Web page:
Tool Could Help Discover New Compounds, Combinations; Quickly Identify Most Effective Gastrointestinal Stromal Tumor Treatments
A new preclinical technology enables researchers to quickly determine if a particular treatment is effective against gastrointestinal stromal tumors (GISTs), providing a boost to animal research and possibly patient care, according to new findings presented by Fox Chase Cancer Center at the AACR Annual Meeting 2013.
The advantage of the tool, explains study author Lori Rink, PhD, assistant research professor at Fox Chase, is that it tells researchers if a particular compound is killing tumor cells in mice as early as 24 hours after administering the compound – without waiting one week (or more) for an MRI to show the tumor has shrunk.
“This technology will help us quickly identify new drugs – or drug combinations – that are effective against these tumors,” says Rink.
All of the mice in the study had GIST tumors implanted. In humans, GISTs originate throughout the gastrointestinal tract and can eventually become metastatic spreading to other parts of the body. Approximately 6,000 new cases are diagnosed each year in the U.S.
GISTs, unlike many other malignancies, are difficult to treat because they are totally resistant to traditional chemotherapy. For many years, the only option for patients was surgery to remove the tumor – with the hope that it would not reoccur. In 2001, a new era of targeted therapy emerged – beginning with imatinib mesylate, or Gleevec. Unfortunately, most patients eventually become resistant to the effects of available targeted therapies.
To indentify new treatments, scientists try administering potential compounds to mice who have GISTs, then determine if the tumors shrink. But not all tumors shrink in response to therapy, Rink notes – with Gleevec, for instance, sometimes the tumors simply stop growing. While a CT or MRI scan may show the tumors haven’t decreased in size, they would still be less likely to spread throughout the body.
In her study, Rink and her colleagues tried a new way to find out more quickly if therapies are working, that doesn’t rely on waiting for the tumors to shrink – saving valuable time.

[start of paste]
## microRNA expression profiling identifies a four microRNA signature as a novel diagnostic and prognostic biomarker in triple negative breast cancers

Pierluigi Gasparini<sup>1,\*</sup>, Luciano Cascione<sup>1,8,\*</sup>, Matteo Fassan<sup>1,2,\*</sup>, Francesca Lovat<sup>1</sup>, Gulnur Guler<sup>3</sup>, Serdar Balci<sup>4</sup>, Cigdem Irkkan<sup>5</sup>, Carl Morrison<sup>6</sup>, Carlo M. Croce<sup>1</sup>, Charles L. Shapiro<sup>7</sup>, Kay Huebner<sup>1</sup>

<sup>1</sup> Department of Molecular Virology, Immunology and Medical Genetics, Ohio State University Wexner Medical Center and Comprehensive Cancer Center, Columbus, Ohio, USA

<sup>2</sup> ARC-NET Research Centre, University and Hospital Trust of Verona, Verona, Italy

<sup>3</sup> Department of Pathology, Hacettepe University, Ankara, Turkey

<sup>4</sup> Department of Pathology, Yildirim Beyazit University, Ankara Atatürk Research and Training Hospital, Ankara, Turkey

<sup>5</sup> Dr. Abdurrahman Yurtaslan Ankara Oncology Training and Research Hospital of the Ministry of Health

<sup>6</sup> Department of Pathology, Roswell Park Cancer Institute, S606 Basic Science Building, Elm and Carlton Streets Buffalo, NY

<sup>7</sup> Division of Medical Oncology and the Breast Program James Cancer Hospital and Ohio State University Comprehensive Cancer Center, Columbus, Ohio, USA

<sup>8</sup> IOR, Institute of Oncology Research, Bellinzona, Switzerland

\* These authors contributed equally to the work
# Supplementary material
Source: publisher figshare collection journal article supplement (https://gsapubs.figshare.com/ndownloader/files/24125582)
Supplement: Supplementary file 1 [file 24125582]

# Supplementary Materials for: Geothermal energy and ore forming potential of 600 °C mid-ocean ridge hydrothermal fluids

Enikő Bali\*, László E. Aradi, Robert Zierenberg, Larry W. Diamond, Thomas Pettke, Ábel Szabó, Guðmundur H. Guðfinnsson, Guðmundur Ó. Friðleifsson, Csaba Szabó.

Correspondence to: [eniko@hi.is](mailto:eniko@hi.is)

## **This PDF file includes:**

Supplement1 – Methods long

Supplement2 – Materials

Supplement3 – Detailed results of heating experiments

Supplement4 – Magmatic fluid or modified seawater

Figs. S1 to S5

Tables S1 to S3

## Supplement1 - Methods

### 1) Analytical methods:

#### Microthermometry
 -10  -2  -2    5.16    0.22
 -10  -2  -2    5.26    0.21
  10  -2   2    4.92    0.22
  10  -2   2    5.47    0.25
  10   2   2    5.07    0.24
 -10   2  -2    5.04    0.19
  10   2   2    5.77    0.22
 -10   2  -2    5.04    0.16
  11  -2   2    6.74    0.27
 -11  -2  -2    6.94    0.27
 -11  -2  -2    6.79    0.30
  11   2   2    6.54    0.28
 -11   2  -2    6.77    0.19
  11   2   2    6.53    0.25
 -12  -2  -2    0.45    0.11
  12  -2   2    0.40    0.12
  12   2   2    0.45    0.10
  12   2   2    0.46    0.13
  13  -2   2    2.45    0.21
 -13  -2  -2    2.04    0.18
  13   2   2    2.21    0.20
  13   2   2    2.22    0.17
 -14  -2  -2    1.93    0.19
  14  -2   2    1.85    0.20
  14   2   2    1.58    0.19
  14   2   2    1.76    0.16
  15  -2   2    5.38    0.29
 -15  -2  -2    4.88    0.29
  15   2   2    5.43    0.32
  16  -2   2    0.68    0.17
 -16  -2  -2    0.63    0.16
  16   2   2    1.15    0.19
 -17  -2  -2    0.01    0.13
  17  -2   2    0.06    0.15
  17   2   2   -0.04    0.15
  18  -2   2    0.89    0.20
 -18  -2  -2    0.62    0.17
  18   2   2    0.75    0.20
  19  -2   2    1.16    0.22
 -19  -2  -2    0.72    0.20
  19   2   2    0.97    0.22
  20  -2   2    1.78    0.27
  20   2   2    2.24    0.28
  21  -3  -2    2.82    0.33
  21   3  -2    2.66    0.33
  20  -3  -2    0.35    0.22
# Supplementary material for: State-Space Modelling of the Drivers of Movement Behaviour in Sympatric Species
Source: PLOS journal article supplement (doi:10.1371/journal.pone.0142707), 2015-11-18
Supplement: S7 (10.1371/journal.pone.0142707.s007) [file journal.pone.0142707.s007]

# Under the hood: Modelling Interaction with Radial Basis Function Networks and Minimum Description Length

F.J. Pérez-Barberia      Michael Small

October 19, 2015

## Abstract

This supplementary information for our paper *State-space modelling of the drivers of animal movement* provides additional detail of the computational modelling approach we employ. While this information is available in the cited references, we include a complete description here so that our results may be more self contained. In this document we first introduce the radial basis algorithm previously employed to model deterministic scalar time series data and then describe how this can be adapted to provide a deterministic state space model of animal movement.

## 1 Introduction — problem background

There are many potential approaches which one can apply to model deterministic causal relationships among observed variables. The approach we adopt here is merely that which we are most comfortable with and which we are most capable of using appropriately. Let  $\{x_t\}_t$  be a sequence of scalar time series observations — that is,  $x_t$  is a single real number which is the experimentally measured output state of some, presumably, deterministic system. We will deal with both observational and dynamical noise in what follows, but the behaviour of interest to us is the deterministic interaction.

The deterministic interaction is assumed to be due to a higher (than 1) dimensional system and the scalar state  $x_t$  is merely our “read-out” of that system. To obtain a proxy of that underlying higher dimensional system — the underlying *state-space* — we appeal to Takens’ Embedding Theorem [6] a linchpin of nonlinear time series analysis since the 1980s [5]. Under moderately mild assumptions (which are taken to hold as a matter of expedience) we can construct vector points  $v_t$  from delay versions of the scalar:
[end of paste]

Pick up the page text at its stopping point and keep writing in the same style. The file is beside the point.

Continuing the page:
Instead, she and her colleagues injected treated mice with probes that light up when they hone in on dying cells. “Within 24 hours, we were able to determine whether the drug is killing cells in the tumor,” says Rink.
The advantage of the technology, says Rink, is it enables researchers working with animals to quickly identify new drugs or drug combinations for GISTs that either shrink tumors, cause cell death, or both, which can then be tested further and eventually given to people. And if a regimen isn’t working, researchers can immediately change dosages, or try new drugs or combinations of drugs, without waiting a week or more. “This study is proof of principle that we can use this technology in preclinical research,” she says.
“The technology gives us important information not just on whether the treatment works, but also on how it works,” adds Rink – “in this case, by causing an increase in cell death rates by particular mechanisms. This knowledge will help us combine the treatment with others in a rational way.”
And even though the tool was tested in GISTs, it may also speed up the search for new drugs in other types of tumors, says Rink. “We expect that the technology might be applicable to any sort of tumor.”
Co-authors on the study include Harvey Hensley, Karthik Devarajan, and Margaret von Mehren from Fox Chase, along with James R. Johnson and David Piwnica-Worms from Washington University School of Medicine and Andrew K. Godwin from the University of Kansas Medical Center.
Fox Chase Cancer Center